Presentation on theme: "Anna Karenina Final thoughts. Tolstoy vs Dostoevsky Spirituality: Old Testament vs. New For Dostoevsky the Jesus and the Gospel are central: Sonia reads."— Presentation transcript:
Anna Karenina Final thoughts
Tolstoy vs Dostoevsky Spirituality: Old Testament vs. New For Dostoevsky the Jesus and the Gospel are central: Sonia reads the story of the resurrection of Lazarus. In Tolstoy Lidia Ivanovna talks of “He” (i.e., Jesus) – a manifestation of a false religiosity For Levin the task is to believe in God: “What am I asking? I’m asking about the relation to the Deity of all the various faiths of mankind. I’m asking about the general manifestation of God to the whole world…” (815-16)
Tolstoy vs Dostoevsky: Genres Epic: Tolstoy’s descriptive creation of a plausible world; time flows in long cycles of birth and death; change is slow; individuals travel through large spaces Dramatic: Dostoevsky’s evocation of a world of conflict; time and space are compressed into a few weeks in one city, radical change in personality
Tolstoy vs Dostoevsky: Poetic Dostoevsky: Symbolic reality achieved through dialogue, conflict (often physical); different characters incarnate different ideas; characters have an element of caricature, exaggeration Tolstoy: observed reality depicted through metonymy; poet of the real, material world captured in representation of detail; plausible characters; much less dialogue.
Dostoevsky’s influence Philosophy: revival of Orthodoxy, eschatology, Nietsche Politics: shapes Russian nationalism Psychology: delves in a individual’s motivations in a way that presages Freud. Critique of utopianism, revolution Leads to the dystopian visions of the 20 th century
Tolstoy’s influence Politics: non-violence, rejection of progress Religion: rejection of the established church Life-style: the commune, vegetarianism Literature: the historical and realist novel: especially influential on English literature - E.M. Forster, D.H. Lawrence Literary technique and theatre: representation of the material world rejection of artificial convention in art.
Tolstoy’s influence: Art and estrangement War and Peace Natasha at the opera 8/9 The floor of the stage consisted of smooth boards, at the sides was some painted cardboard representing trees, and at the back was a cloth stretched over boards. In the center of the stage sat some girls in red bodices and white skirts. One very fat girl in a white silk dress sat apart on a low bench, to the back of which a piece of green cardboard was glued. They all sang something. When they had finished their song the girl in white went up to the prompter's box and a man with tight silk trousers over his stout legs, and holding a plume and a dagger, went up to her and began singing, waving his arms about. First the man in the tight trousers sang alone, then she sang, then they both paused while the orchestra played and the man fingered the hand of the girl in white, obviously awaiting the beat to start singing with her. They sang together and everyone in the theater began clapping and shouting, while the man and woman on the stage- who represented lovers- began smiling, spreading out their arms, and bowing.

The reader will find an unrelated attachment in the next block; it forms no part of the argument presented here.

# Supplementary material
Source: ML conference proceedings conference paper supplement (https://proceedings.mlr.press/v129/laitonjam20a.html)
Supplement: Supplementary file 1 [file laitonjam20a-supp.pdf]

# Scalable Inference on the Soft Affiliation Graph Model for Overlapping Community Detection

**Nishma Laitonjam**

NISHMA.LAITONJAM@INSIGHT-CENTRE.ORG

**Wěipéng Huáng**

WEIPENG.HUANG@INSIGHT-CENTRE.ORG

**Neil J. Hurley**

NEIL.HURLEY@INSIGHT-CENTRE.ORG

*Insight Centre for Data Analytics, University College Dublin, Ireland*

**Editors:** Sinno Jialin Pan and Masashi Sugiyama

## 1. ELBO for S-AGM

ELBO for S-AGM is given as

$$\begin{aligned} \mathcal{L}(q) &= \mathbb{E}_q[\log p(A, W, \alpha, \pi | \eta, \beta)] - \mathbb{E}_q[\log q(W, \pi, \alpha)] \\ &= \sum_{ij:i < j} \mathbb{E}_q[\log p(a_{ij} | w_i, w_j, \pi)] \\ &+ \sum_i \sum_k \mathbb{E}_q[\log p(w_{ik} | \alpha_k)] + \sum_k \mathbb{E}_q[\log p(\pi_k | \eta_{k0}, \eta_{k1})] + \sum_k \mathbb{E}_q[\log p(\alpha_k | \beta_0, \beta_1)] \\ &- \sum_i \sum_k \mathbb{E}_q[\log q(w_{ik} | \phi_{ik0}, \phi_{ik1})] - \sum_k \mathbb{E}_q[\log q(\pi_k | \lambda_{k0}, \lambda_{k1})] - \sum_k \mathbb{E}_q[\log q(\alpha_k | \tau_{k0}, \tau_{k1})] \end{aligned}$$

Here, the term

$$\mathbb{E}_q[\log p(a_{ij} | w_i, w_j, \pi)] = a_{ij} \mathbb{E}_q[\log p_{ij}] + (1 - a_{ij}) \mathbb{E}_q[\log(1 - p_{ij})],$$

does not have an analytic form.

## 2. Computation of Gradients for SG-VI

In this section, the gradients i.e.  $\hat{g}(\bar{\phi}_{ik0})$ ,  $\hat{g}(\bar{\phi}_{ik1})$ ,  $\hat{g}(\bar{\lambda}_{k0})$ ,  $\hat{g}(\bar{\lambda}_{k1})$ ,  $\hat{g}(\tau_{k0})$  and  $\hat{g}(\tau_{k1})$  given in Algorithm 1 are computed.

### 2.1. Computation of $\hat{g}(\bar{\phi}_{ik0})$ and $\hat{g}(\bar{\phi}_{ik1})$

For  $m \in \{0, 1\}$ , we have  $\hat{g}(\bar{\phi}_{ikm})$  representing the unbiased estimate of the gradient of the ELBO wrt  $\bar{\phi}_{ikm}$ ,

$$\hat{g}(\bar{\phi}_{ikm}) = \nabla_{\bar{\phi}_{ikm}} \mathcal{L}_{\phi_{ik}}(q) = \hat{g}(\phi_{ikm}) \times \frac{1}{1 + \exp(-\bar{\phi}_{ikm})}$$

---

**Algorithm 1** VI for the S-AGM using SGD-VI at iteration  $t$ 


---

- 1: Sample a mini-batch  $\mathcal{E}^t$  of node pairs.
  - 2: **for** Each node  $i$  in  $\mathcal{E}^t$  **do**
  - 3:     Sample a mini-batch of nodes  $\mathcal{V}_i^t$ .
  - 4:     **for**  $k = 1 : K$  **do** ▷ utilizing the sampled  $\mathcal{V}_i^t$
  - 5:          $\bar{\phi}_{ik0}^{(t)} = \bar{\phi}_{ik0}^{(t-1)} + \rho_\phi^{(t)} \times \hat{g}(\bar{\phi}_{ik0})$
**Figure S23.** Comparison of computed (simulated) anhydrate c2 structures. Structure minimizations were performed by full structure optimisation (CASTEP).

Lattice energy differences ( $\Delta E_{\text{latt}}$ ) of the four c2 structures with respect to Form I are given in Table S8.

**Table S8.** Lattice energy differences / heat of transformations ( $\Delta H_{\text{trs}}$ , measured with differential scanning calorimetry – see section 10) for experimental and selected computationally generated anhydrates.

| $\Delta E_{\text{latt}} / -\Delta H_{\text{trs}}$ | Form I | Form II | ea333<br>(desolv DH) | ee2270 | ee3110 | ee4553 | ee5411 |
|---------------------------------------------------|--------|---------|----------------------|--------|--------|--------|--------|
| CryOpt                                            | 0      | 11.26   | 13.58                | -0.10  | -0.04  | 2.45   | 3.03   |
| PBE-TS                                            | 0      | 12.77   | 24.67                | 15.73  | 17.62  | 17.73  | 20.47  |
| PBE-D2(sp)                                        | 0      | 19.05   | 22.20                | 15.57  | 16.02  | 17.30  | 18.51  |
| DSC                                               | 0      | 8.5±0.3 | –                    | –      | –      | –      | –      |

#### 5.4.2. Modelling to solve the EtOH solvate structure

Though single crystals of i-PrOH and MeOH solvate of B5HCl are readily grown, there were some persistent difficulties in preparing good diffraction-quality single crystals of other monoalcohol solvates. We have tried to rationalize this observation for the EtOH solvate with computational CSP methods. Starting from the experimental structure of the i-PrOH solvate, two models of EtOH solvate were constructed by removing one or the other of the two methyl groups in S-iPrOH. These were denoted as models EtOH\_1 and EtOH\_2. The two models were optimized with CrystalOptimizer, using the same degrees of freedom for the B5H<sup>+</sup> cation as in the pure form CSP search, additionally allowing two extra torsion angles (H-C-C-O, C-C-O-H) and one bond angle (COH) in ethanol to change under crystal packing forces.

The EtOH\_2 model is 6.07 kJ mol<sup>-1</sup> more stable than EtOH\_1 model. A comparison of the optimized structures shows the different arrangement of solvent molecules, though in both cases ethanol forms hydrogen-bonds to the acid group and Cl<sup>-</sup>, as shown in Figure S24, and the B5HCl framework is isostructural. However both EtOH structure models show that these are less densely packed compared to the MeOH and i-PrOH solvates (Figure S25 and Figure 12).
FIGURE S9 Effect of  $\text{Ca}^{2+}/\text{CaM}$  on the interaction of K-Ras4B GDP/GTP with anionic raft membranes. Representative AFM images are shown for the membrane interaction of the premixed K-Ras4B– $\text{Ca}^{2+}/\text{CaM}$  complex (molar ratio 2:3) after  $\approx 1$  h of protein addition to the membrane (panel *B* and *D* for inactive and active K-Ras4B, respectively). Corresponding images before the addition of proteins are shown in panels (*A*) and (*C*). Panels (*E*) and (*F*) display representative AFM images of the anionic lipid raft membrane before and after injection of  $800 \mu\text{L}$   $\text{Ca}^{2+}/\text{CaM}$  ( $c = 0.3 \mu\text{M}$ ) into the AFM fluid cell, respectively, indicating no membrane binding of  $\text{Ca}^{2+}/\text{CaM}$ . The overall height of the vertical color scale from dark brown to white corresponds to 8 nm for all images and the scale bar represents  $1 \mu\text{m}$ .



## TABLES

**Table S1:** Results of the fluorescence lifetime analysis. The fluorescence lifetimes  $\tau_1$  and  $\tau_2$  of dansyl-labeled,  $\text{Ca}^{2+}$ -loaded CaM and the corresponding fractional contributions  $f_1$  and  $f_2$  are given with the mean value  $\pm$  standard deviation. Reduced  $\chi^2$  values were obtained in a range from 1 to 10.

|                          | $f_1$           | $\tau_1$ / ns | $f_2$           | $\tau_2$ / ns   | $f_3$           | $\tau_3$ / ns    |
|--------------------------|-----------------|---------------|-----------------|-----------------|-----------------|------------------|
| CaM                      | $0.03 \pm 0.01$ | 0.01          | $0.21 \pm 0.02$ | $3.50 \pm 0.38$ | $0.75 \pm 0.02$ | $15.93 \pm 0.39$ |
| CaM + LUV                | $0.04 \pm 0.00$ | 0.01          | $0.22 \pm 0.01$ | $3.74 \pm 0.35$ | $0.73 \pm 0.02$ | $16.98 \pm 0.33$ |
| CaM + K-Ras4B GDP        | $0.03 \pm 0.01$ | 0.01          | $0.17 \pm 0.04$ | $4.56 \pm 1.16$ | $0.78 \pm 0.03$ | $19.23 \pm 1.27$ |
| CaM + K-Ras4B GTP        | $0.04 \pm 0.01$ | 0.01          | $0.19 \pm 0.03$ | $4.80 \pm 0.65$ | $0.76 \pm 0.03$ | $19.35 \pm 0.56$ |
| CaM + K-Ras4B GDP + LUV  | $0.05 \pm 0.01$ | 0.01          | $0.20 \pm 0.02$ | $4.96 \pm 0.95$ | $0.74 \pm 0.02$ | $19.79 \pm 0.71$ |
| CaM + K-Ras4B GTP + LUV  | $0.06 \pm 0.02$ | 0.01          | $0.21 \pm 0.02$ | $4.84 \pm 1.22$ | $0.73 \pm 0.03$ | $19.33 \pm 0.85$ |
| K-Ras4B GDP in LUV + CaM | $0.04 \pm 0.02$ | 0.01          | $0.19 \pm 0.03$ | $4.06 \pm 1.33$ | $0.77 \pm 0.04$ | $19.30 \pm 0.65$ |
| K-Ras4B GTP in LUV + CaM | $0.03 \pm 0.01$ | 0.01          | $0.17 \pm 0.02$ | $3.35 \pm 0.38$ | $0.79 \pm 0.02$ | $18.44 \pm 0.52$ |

After her life in the country, and in her present serious mood, all this seemed grotesque and amazing to Natasha. She could not follow the opera nor even listen to the music; she saw only the painted cardboard and the queerly dressed men and women who moved, spoke, and sang so strangely in that brilliant light. She knew what it was all meant to represent, but it was so pretentiously false and unnatural that she first felt ashamed for the actors and then amused at them. She looked at the faces of the audience, seeking in them the same sense of ridicule and perplexity she herself experienced, but they all seemed attentive to what was happening on the stage, and expressed delight which to Natasha seemed feigned. "I suppose it has to be like this!" she thought. She kept looking round in turn at the rows of pomaded heads in the stalls and then at the seminude women in the boxes, especially at Helene in the next box, who- apparently quite unclothed- sat with a quiet tranquil smile, not taking her eyes off the stage. And feeling the bright light that flooded the whole place and the warm air heated by the crowd, Natasha little by little began to pass into a state of intoxication she had not experienced for a long while. She did not realize who and where she was, nor what was going on before her. As she looked and thought, the strangest fancies unexpectedly and disconnectedly passed through her mind: the idea occurred to her of jumping onto the edge of the box and singing the air the actress was singing, then she wished to touch with her fan an old gentleman sitting not far from her, then to lean over to Helene and tickle her.
Impact on Theatre Stanislavsky: sought a renewal of theatre through bringing theatre closer to a believable representation of reality. Levin mowing: the moments of oblivion occur when the actor (Levin) fuses with his role (peasant-worker)
“Conventional theatre” a reaction to Stanislavsky’s Tolstoyan theatre which sought to make everything believable Twentieth-century directors and dramatists: Meyerhold (Russia), Berthold Brecht (Germany) strive to make a theatre that stresses its artificiality
Would you like to know Mr Tolstoy? A prude, hates décolleté dresses Old-fashioned views on just about everything… Hates doctors! Loves dogs Loves nature Can you add to the list?